Do you love African traditional dances? Are you interested in cultural safaris in Africa? Despite wildlife attractions, Africa is also known for its dramatic and inspiring cultural experiences which are characterized by poetry, ritual or dances and one of the most indicating types of the African life and soul. Uganda in particular, is a cultural hub where most of the African cultures are demonstrated together with religion, ancestral worship and spiritualism. If you are planning for your wildlife safari to Uganda but you also wish to encounter some of the traditional dances, it shouldn’t worry you in any way. With over 65 different languages being spoken, Uganda is described as a melting pot of cultures. While in your safari to this beautiful country, expect to meet different traditional practices that are represented in each region. Uganda’s traditional dances are true representation of real African experiences that come once in a life time.
|UGANDA'S TRADITIONAL DANCE|
Below is a list of different cultural dances that can make your stay in Uganda memorable.
The Batwa cultural encounter: Are you interested in gorilla and cultural safaris in Uganda? Well, visit the Batwa cultural trails in the south western Uganda. The Batwa pygmies were the ancient people to live in the jungles of Bwindi Impenetrable Forest for several centuries. The Batwa were renowned hunters and gatherers who found had found refuge in the Bwindi’s jungles for over 500000 years. When need to conserve the mountain gorillas and their habitat the Batwa pygmies were forced to leave the forest till today that they are among the marginalized people around the Bwindi Impenetrable Forest and Mgahinga Gorilla National Park. For authentic African dances, visit the Batwa during the Batwa trail as you enjoy your gorilla safari. You certainly enjoy the most inspiring and emotional dances and songs that will be demonstrated by the Batwa as they sing and emphasize why they were removed from the forest and wishing if they could be allowed to return to their ancient home.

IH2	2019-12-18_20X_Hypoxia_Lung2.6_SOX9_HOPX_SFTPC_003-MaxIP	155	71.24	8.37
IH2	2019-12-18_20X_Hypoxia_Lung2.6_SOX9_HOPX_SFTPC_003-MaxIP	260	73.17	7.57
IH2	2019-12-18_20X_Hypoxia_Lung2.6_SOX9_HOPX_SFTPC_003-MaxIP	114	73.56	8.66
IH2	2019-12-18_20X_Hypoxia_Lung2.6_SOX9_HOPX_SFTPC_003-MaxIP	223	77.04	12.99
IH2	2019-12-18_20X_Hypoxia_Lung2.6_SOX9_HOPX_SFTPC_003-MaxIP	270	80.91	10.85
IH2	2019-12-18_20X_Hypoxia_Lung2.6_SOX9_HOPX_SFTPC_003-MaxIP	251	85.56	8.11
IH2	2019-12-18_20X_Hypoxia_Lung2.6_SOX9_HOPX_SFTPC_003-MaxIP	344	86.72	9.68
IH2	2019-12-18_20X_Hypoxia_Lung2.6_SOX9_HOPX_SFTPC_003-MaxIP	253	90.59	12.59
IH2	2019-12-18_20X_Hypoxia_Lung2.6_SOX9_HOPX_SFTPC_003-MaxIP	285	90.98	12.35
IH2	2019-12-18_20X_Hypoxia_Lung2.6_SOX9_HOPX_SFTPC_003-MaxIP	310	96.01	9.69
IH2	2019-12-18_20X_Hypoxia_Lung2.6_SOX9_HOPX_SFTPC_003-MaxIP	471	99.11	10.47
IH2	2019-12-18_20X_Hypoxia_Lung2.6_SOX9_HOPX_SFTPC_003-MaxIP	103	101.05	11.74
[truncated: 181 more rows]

If you are in Kidepo Valley National Park, still there is no need to worry about cultural experiences. Visit the Karamojong people or Ik people in North Eastern Uganda for unique dances and traditional practices that will make your stay memorable.
Muwogola, Baakisiima and Nankasa (Kiganda) dances: If you are around Kampala and you are interested in cultural experiences; include the Kiganda dance as part of experiences for your encounter. The Kiganda dances are three Baganda traditional folk dances that were initiated from the palace of the king of Buganda just adjacent Lake Victoria where there is a home of Nalubaale-the wife of Lubaale-one of the gods of the Baganda people. Buganda region forms the largest portion of all the tribes that are ingrained within Uganda and it lies within the central just adjacent Lake Victoria. The Kiganda dance is the most dramatic and famous cultural dance in Uganda and rarely can you find a muganda who doesn’t know how to perform this kind of dance. This inspiring dance is normally performed whenever or where the king has a gathering or where he is supposed to talk to his subjects.
Ekitaguriro by the Banyakole people: In western Uganda, you will meet exciting cultural dances that will be demonstrated to you by the Ankole people both men and women will be performing and demonstrating their Ankole dance. In many occasions, the dance is performed to demonstrate the love of Ankole people and their cattle. The cattle in this area have long horns and thus making the dance aerial. The sound of the songs is like that of the cows and interestingly you will also get a sound of milk pouring/flowing from the cow’s udder. The stamping walk of the men during the dance is like that of cows and hands of the women demonstrate the long beautiful horns of the cows and this explains why they dance with their hands up in the air.